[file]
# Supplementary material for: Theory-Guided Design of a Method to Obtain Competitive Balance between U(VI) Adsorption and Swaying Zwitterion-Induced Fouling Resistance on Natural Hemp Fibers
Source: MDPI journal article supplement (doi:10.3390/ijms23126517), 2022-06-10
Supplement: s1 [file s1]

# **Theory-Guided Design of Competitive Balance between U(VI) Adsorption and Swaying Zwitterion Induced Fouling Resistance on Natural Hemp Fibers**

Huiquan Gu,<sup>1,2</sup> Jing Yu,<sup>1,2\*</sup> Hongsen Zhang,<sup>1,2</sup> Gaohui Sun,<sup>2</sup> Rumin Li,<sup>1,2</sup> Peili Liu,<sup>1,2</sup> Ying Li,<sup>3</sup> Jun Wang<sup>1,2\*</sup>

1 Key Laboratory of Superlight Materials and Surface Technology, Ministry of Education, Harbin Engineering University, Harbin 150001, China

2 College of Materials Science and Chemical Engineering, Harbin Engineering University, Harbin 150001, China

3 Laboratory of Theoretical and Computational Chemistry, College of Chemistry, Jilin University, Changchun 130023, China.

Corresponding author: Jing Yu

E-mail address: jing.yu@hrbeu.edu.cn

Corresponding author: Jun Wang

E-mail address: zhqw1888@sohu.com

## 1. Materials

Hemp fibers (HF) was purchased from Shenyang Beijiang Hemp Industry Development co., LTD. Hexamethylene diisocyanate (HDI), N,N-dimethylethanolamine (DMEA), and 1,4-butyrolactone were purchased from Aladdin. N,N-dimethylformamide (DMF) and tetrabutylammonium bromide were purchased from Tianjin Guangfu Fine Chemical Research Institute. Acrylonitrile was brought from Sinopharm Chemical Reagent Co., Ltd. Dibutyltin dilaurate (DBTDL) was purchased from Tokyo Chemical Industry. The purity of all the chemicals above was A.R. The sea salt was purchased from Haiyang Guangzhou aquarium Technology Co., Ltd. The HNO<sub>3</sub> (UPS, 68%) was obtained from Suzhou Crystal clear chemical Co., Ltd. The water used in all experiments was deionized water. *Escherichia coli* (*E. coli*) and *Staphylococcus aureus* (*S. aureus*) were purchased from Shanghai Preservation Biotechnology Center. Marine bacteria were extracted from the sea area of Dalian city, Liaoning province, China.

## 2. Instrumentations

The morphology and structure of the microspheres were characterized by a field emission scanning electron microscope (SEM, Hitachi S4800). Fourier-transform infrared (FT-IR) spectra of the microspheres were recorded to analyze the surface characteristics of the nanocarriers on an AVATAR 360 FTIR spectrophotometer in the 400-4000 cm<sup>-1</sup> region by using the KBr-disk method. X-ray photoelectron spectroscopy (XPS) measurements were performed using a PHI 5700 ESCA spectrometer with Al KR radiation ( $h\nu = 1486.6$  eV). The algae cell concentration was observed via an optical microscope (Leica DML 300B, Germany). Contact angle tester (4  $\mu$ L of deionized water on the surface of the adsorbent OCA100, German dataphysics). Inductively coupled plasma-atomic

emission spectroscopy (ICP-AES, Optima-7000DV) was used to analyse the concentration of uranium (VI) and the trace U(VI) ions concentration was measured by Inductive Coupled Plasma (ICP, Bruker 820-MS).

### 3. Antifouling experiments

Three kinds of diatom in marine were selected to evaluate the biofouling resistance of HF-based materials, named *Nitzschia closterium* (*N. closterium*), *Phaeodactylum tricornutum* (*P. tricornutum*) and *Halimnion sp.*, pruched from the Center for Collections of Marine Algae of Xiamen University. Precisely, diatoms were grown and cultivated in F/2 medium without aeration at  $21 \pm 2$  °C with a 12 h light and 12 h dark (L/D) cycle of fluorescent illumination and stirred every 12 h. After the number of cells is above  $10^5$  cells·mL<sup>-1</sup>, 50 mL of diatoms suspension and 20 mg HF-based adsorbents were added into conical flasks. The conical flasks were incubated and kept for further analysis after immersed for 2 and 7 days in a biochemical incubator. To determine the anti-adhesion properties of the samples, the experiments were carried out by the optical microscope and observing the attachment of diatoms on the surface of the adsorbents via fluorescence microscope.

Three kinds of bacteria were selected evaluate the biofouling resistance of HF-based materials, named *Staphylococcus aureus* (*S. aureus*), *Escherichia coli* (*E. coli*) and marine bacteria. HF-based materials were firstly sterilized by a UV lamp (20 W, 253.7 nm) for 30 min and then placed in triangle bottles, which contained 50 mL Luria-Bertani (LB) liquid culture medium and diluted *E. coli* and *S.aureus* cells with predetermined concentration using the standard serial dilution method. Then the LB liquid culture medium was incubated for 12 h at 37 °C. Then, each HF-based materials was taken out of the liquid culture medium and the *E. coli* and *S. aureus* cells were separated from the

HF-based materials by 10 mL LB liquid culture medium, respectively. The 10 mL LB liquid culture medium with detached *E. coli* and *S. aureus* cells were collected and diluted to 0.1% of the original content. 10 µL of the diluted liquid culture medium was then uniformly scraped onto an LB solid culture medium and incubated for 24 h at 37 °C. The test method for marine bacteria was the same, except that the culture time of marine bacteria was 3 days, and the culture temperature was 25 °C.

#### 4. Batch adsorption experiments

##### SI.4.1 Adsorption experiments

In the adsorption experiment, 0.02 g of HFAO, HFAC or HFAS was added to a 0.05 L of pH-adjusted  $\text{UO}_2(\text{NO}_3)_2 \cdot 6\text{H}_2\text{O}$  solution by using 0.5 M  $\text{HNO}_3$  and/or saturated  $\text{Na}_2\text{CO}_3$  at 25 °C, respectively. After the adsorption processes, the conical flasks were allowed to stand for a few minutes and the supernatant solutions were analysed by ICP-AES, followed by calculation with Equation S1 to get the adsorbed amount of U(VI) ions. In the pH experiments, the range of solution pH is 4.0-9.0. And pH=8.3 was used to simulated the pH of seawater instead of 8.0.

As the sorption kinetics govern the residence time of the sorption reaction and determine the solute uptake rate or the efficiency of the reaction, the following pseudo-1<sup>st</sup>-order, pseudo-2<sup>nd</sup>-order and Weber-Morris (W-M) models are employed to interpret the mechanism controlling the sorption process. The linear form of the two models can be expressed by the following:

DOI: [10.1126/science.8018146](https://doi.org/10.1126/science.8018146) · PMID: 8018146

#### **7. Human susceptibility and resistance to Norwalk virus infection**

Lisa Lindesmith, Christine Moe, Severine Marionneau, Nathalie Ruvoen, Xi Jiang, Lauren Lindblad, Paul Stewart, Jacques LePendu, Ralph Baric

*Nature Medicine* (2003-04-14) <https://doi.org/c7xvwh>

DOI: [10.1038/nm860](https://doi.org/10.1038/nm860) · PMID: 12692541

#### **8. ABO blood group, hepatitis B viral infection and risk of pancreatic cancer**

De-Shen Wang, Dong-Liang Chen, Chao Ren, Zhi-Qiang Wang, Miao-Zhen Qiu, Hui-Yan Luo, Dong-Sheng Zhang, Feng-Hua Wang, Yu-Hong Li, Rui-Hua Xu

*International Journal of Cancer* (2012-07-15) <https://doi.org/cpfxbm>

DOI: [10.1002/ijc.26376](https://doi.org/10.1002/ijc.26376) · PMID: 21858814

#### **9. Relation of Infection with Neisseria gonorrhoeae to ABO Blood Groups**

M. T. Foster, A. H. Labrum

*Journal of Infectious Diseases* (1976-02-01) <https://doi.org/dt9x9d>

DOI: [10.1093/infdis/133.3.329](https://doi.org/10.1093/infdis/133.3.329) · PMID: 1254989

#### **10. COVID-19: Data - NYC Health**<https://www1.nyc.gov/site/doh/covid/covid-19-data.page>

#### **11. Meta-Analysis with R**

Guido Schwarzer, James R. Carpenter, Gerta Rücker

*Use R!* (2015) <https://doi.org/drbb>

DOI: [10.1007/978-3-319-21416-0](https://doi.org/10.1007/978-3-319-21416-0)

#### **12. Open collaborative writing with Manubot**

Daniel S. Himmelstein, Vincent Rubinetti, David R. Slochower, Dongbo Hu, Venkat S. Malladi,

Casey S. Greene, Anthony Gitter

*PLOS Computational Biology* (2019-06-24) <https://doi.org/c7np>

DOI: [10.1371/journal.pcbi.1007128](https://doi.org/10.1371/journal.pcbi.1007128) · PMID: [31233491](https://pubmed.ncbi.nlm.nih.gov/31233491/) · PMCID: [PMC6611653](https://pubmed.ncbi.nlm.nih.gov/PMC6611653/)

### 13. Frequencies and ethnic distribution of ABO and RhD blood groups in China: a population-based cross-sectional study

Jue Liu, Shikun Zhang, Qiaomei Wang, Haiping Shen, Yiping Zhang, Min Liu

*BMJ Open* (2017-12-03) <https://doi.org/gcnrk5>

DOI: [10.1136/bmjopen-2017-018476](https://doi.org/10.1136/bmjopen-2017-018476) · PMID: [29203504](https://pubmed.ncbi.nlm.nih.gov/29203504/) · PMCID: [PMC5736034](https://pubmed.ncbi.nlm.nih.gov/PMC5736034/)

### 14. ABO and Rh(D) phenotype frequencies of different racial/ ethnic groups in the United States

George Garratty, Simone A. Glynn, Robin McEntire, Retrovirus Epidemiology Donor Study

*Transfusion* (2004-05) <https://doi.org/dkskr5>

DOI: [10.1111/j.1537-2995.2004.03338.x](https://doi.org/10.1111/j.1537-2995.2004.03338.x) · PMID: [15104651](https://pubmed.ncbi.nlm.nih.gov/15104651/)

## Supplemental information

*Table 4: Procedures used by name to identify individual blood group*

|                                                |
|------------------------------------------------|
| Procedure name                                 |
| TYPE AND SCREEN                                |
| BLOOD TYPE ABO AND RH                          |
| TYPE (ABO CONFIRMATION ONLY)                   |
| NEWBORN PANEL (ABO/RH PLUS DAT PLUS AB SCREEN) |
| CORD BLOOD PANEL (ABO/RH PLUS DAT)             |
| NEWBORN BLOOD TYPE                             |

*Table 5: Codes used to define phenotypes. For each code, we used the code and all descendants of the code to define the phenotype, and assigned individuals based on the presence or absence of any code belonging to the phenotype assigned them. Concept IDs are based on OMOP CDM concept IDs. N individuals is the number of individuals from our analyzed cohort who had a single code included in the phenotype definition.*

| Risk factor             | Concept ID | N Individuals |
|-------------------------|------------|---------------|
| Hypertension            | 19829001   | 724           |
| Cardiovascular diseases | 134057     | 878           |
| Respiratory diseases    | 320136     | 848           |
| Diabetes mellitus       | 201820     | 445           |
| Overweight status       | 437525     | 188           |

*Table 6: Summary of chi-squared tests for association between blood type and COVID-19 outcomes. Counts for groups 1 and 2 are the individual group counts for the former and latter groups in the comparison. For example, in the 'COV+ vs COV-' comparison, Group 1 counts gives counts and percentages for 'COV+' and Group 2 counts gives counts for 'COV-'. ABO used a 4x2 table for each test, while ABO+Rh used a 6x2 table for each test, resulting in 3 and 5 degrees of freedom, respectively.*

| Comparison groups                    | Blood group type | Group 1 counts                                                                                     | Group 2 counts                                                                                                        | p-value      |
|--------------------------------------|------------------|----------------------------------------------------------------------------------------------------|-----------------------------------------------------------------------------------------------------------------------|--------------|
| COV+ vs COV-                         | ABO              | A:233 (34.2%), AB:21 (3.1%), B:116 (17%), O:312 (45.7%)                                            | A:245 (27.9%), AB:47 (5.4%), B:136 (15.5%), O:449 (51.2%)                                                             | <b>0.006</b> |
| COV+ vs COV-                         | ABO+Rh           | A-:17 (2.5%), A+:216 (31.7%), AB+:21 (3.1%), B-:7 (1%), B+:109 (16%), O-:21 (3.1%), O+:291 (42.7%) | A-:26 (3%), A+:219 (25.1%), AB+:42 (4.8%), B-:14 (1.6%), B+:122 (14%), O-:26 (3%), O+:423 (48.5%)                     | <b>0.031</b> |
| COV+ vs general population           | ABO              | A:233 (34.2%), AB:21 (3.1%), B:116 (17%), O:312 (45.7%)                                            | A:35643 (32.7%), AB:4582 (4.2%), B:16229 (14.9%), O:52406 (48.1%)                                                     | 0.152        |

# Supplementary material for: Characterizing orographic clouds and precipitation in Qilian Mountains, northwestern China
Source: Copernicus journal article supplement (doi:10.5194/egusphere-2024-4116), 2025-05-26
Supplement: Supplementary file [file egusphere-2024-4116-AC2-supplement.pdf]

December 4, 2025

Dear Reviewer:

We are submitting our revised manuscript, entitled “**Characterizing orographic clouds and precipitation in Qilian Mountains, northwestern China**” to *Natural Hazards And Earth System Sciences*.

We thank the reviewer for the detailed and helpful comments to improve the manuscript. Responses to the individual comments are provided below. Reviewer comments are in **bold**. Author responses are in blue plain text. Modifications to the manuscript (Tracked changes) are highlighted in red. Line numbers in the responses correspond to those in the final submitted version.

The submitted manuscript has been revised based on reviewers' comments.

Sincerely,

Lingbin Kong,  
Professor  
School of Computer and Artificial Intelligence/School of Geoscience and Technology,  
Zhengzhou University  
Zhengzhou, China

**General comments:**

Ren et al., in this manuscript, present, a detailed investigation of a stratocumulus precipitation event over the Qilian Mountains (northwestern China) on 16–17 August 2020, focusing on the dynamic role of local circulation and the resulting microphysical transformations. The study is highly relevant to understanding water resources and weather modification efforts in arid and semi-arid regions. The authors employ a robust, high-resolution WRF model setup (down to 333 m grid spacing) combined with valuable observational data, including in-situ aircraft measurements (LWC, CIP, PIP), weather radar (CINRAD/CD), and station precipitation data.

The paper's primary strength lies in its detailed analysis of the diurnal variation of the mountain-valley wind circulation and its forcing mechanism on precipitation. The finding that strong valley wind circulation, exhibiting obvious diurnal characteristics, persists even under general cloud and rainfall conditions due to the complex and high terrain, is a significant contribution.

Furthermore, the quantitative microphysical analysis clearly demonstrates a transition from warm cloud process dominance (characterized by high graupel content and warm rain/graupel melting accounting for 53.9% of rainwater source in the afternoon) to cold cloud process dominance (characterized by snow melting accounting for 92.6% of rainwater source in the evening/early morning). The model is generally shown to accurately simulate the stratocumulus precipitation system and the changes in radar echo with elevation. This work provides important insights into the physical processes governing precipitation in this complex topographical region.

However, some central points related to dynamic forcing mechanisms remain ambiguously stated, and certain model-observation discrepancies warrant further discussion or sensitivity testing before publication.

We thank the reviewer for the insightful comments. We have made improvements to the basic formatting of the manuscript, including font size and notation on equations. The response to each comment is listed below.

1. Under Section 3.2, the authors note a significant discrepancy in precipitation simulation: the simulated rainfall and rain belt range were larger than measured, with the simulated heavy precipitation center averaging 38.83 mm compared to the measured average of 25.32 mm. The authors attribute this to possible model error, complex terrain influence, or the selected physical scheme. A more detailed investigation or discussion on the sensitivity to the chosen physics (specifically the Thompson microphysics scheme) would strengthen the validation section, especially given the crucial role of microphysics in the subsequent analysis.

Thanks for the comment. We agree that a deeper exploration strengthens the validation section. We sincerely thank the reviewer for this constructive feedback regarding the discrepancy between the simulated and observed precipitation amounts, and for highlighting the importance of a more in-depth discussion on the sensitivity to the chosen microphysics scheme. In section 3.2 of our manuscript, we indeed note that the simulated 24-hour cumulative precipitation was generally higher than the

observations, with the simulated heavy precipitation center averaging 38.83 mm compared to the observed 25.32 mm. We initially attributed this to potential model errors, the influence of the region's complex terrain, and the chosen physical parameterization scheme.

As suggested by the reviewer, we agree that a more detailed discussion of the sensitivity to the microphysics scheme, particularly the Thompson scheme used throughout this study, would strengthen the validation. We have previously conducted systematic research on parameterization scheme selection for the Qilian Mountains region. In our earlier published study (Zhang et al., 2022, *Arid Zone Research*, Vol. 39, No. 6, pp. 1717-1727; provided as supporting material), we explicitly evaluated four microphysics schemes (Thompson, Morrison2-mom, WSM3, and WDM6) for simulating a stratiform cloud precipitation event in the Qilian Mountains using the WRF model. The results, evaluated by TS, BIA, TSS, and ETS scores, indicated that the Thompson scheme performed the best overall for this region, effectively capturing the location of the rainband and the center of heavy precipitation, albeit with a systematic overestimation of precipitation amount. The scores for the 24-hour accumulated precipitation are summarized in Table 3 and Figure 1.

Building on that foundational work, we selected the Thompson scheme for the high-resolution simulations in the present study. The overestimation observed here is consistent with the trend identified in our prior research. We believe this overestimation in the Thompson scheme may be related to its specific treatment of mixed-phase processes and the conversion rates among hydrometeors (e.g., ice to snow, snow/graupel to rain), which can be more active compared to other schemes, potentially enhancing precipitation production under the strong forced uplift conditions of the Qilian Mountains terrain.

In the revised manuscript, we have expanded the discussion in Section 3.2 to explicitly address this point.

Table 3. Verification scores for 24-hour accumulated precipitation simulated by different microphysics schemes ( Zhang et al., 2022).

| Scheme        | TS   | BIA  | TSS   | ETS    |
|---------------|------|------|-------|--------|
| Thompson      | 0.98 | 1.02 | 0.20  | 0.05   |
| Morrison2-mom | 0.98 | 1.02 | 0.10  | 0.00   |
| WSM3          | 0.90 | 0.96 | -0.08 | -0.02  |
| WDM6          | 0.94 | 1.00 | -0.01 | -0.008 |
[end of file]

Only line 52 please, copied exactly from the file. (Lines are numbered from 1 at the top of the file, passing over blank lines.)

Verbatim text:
DOI: [10.1136/bmjopen-2017-018476](https://doi.org/10.1136/bmjopen-2017-018476) · PMID: [29203504](https://pubmed.ncbi.nlm.nih.gov/29203504/) · PMCID: [PMC5736034](https://pubmed.ncbi.nlm.nih.gov/PMC5736034/)